Caster Semenya, an 18-year-old from South Africa,
after the women’s 800 meters at the world track and field championships in Berlin.
[photo is from here]Caster Semenya was over-exposed in the media last year due to having her gender and sex interrogated in invasive ways. It was a despicable example of how dehumanising the media can be. Not that there's any shortage of stories of that proclivity in media!
Before going on with this post, I want to point out this website which is an education and support site for intersex people and people who have been labeled intersex. And it is where I found the image above.
What is so refreshing to me about this website is that it is multi-racial and multi-ethnic. I've just spent an hour pouring over all-white videos, to find some to post here. I found three that I think might be helpful. But they're all white and Western. So here's the website for all of humanity to learn about being intersexed. (I also link to it from my blog, on the right side.)
One child in every 2000 is born, naturally, with a sex that isn't male or female. Why, then, do we pretend there are only two sexes and two genders (and that one set--males, boys, and men--are superior to and naturally dominant over the other set--females, girls, and women)?
I offer here three videos, each one quite different in style and subject matter. All have to do with what is termed being "intersex". These are the best I could find on YouTube, which I guess has just turned five years old. So Happy Birthday to YouTube. And while I'm offering up my critiques before each one, I find enough in each one to value and appreciate them. I mean, So You Think You Can Dance is Outrageously heterosexist, profoundly oppressively anti-gay and anti-lesbian in this regard, but, well, I LOVE that show. Such is life: finding what's special amidst all the oppressive CRAP. So I'll go into some critiques sort of to get them out of the way. I can't show stuff on this blog that, to me, is racist, for example, without mentioning how I find it to be so. Bear with me, please. I'm just not a "single-issue" kind of guy.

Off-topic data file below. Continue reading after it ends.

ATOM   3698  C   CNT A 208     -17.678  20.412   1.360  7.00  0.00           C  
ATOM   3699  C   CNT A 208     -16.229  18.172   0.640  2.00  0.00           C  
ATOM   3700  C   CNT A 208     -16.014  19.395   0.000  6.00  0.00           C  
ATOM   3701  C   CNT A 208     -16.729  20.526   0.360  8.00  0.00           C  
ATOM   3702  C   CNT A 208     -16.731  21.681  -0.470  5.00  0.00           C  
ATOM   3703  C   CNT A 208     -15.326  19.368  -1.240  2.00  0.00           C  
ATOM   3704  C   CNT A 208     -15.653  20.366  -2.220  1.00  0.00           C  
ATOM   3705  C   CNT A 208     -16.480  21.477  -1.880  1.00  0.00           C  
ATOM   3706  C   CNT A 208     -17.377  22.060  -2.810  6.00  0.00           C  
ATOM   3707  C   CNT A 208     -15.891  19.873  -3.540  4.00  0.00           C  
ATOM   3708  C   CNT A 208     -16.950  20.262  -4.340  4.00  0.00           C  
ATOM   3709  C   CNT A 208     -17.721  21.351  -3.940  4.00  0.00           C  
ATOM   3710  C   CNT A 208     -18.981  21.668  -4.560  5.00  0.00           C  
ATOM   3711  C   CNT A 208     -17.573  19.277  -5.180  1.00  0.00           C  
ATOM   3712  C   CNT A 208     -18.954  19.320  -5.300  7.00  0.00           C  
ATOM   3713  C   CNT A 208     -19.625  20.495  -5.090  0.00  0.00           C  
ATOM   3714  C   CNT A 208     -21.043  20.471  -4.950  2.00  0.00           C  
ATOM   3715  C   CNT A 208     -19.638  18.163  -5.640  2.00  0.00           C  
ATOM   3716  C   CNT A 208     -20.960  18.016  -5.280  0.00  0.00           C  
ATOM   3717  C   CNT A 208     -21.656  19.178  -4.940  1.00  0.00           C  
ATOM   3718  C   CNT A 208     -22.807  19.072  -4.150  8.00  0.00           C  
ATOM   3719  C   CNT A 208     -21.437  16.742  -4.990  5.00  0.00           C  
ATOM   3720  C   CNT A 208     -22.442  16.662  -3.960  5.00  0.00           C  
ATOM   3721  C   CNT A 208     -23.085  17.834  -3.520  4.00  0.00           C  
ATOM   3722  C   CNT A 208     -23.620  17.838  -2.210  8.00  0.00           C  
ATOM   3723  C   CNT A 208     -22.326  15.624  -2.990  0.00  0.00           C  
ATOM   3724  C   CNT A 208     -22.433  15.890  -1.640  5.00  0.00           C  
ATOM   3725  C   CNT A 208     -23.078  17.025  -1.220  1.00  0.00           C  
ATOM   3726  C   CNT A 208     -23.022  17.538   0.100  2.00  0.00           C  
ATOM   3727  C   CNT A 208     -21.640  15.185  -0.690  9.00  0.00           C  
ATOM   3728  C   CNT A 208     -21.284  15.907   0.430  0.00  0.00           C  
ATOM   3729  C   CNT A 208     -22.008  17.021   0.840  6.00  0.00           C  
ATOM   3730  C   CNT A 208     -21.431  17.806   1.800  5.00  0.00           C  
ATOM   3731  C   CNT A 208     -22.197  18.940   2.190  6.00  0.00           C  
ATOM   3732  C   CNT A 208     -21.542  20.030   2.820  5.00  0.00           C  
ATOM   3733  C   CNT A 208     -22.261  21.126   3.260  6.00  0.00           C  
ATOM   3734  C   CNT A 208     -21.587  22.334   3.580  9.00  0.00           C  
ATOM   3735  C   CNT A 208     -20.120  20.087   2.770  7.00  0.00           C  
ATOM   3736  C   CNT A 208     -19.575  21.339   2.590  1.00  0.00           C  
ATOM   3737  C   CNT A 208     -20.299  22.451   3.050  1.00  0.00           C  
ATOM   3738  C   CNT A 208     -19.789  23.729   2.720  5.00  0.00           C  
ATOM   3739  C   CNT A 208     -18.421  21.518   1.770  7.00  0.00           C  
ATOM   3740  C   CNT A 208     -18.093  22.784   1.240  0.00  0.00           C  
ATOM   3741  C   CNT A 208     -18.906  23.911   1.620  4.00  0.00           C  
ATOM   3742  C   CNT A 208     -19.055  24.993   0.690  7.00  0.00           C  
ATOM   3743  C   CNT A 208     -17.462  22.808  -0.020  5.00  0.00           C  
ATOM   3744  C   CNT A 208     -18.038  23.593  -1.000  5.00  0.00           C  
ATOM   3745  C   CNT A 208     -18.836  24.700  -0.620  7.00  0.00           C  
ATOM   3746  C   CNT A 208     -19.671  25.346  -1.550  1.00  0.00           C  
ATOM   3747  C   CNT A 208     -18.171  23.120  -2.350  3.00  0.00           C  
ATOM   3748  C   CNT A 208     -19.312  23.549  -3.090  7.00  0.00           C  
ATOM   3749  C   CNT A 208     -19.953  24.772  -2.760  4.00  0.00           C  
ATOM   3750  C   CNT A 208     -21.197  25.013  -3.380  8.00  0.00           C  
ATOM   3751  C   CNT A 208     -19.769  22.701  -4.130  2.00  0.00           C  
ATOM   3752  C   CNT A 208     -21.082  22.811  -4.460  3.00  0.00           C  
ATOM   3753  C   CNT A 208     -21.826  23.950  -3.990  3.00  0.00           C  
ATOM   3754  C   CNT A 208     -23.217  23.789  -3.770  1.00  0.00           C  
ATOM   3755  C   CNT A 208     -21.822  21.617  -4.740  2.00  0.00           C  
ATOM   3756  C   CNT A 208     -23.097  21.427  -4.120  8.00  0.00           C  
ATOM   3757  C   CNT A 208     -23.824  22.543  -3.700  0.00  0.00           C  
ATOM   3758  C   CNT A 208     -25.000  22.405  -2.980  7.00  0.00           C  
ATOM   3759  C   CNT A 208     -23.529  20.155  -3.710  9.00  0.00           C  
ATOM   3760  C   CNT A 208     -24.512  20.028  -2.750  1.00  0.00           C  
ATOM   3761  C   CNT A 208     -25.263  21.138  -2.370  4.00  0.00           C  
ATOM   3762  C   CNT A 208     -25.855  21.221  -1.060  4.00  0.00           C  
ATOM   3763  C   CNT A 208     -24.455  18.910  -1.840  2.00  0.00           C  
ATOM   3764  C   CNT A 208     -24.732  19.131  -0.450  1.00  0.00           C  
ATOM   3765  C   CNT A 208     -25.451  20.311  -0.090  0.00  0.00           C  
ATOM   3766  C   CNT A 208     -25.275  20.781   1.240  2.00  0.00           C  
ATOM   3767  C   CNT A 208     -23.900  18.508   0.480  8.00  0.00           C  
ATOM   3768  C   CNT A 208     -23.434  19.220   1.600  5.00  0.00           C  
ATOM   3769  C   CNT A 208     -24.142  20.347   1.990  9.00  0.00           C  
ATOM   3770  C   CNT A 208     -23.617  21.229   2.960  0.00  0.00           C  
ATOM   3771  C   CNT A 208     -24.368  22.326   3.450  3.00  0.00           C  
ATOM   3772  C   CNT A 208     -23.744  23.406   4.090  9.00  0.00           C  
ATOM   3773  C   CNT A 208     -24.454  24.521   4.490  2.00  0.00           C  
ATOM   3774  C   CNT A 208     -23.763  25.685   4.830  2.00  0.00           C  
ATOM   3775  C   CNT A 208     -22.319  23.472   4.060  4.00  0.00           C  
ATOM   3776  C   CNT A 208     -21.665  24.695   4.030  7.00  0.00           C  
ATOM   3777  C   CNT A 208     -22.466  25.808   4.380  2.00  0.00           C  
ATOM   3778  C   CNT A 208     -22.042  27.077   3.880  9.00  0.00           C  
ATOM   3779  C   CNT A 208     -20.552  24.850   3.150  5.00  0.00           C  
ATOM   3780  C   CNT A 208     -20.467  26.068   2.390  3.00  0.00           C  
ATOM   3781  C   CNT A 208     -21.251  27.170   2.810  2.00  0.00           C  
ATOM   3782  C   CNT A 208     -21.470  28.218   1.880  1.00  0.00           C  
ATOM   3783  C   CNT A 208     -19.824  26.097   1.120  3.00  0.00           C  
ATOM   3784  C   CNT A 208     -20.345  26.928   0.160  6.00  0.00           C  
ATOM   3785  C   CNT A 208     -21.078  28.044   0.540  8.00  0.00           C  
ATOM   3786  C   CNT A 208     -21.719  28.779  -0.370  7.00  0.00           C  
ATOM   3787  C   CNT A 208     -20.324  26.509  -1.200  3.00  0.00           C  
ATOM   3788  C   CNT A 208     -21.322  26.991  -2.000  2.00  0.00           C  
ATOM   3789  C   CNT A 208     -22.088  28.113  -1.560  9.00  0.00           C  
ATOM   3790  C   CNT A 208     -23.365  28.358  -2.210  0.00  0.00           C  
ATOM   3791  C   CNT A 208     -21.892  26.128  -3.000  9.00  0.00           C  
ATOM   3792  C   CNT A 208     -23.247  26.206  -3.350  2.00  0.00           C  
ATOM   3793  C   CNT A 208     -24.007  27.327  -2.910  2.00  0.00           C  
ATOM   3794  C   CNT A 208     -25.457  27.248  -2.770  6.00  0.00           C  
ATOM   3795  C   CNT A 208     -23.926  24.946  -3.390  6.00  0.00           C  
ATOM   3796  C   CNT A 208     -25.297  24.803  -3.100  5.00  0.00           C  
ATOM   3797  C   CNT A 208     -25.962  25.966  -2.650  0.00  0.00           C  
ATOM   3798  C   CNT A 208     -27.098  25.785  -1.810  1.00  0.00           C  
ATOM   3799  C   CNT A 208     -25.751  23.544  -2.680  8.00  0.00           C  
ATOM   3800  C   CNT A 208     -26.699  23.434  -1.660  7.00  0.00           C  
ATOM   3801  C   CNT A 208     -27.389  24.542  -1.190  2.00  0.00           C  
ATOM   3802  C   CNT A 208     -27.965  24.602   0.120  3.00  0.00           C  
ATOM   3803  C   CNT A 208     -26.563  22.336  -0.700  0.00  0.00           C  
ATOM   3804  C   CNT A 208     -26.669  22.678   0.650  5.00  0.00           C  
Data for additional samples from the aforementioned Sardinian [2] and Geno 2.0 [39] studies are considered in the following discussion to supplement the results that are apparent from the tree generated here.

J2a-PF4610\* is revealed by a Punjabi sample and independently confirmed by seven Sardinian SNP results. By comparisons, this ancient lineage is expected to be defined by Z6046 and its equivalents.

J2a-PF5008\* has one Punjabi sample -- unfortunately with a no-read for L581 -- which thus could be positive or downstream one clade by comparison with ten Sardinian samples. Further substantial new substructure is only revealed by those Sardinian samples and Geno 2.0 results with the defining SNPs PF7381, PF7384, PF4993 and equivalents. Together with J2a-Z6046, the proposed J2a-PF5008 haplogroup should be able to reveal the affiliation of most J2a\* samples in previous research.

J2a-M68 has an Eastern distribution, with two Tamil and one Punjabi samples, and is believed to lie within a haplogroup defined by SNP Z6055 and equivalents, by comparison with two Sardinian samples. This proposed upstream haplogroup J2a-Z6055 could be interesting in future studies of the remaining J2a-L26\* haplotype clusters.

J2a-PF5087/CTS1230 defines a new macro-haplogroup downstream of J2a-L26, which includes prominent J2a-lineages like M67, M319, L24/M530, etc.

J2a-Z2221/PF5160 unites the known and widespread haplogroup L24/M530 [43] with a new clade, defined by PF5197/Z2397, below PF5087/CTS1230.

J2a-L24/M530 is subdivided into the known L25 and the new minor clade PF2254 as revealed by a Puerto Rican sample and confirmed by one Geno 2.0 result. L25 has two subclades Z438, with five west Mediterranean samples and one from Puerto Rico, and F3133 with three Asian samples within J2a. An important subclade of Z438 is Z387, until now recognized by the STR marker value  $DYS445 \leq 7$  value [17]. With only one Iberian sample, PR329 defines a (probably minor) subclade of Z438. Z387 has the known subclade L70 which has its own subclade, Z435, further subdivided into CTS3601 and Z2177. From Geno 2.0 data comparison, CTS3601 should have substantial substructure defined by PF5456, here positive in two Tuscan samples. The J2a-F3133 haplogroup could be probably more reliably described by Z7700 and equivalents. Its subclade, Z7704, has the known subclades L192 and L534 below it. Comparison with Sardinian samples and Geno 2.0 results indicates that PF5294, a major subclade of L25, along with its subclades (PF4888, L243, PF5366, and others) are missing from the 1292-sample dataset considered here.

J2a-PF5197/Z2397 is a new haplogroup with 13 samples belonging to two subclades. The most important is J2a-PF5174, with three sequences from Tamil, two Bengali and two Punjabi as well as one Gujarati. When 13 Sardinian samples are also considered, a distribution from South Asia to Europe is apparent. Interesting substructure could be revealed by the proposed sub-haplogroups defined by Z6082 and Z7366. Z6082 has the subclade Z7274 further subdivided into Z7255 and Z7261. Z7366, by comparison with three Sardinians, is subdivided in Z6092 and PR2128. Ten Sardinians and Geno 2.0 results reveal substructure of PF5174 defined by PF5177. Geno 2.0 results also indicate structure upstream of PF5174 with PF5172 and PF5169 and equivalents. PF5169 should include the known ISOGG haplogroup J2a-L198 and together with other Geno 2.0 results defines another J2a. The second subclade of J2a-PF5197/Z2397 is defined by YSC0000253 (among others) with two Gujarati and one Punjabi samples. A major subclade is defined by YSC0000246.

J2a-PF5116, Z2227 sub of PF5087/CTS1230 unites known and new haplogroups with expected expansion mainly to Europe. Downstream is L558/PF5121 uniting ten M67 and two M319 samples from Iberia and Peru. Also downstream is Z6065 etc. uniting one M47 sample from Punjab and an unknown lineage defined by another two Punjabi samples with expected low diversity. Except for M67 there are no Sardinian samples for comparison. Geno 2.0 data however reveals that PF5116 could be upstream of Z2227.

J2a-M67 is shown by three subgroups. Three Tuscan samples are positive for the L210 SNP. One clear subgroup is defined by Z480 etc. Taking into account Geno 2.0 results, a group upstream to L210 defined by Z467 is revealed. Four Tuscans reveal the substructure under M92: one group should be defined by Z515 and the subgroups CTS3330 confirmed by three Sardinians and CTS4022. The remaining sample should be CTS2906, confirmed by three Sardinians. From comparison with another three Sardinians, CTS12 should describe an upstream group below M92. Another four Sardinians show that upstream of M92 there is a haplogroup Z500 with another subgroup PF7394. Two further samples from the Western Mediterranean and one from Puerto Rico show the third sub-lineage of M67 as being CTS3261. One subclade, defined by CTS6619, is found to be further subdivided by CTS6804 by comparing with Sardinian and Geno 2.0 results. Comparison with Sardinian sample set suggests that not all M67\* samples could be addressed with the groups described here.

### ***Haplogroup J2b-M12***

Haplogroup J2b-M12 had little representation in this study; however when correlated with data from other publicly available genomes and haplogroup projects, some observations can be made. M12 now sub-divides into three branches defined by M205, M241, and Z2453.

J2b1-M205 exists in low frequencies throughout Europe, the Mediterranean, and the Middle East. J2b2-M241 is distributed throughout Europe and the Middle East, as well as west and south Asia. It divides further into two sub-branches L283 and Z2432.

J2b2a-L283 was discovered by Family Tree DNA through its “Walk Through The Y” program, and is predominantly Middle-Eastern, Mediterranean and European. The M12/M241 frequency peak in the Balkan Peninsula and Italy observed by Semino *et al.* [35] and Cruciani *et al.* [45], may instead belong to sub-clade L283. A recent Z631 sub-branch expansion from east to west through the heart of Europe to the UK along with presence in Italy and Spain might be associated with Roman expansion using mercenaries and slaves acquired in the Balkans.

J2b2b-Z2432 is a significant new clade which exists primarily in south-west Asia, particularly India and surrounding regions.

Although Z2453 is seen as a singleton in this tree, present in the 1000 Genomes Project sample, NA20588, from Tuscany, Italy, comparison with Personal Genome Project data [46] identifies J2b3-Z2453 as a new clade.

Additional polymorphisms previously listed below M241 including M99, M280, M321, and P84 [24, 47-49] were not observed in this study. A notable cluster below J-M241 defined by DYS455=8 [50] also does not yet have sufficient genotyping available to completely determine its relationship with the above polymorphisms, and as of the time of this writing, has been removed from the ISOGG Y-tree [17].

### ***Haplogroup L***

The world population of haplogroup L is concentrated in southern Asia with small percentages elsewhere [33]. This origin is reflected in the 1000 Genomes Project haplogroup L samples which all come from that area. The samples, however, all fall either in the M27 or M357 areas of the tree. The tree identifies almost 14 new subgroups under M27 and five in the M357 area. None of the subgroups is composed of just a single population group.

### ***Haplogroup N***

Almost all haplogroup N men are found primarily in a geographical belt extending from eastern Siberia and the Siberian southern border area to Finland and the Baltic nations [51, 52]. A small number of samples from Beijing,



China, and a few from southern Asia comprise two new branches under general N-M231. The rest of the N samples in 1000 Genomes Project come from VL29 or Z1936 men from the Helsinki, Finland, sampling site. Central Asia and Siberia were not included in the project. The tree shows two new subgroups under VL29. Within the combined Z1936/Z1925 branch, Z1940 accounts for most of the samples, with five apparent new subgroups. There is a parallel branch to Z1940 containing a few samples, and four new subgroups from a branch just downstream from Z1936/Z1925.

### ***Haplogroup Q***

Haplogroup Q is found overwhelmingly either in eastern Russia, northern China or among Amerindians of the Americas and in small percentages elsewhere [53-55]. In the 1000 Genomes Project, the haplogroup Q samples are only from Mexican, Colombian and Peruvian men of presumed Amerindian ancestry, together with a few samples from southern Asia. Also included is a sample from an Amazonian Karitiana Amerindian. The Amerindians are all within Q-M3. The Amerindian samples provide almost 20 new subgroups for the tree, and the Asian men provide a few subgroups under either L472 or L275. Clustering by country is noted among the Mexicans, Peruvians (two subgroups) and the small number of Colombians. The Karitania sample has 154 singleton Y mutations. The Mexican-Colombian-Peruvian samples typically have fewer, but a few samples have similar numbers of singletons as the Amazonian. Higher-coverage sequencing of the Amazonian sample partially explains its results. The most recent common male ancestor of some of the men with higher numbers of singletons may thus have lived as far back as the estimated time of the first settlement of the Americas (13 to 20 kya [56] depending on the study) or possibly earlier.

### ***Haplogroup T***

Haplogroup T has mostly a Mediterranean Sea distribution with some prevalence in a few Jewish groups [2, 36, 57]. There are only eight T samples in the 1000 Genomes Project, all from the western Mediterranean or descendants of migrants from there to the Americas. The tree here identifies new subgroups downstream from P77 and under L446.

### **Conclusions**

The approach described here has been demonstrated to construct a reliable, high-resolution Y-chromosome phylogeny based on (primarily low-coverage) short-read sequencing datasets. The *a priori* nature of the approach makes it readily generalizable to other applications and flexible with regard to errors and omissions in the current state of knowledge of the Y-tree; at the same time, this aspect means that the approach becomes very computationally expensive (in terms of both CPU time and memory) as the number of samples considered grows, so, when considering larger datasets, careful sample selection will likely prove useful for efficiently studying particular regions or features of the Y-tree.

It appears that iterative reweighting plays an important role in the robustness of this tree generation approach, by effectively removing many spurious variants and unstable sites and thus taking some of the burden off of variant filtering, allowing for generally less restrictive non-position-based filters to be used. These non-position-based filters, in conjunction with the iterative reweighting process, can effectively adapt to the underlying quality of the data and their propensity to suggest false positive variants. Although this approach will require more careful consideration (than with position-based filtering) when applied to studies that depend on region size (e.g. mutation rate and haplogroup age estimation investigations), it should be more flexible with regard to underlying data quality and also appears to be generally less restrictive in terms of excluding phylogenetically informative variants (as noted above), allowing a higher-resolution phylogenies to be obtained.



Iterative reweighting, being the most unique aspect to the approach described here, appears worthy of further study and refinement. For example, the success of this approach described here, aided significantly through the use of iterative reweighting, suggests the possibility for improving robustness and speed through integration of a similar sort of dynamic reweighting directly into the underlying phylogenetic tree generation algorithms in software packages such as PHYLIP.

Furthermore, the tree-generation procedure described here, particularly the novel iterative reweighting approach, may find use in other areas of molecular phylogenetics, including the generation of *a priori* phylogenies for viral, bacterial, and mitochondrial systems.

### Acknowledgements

Each of the following videos centralise whiteness and Western white cultures, all normalise and naturalise heterosexuality, and none of them deal with race, sexual orientation, the politics of gender, or class. I didn't expect anything else, to be honest. But I wished for more.
This first video is one of the only ones that takes a positive view of being neither male or female. It does, however, assume everyone is white and in case they haven't noticed, people of every color and most ethnicities live in North America, the UK and Northern and Western Europe, when combined.
In the West, all the medical and most of the societally "unusual" stories are going to assume that whiteness is normal, and that telling the stories of white people with whatever conditions of birth or culture, is sufficient. I strongly disagree, and wish any story about white people described how their being white impacts their lives, how white supremacy and white privileges effect how they understand themselves and their particular form of humanity. How does institutional power shape the ways they view the world and the choices they make? How are white children and adults treated differently by the dominant Western medical establishment in the white het male supremacist West than children and adults of color? WHM-owned and controlled media, including television isn't likely to give us that answer.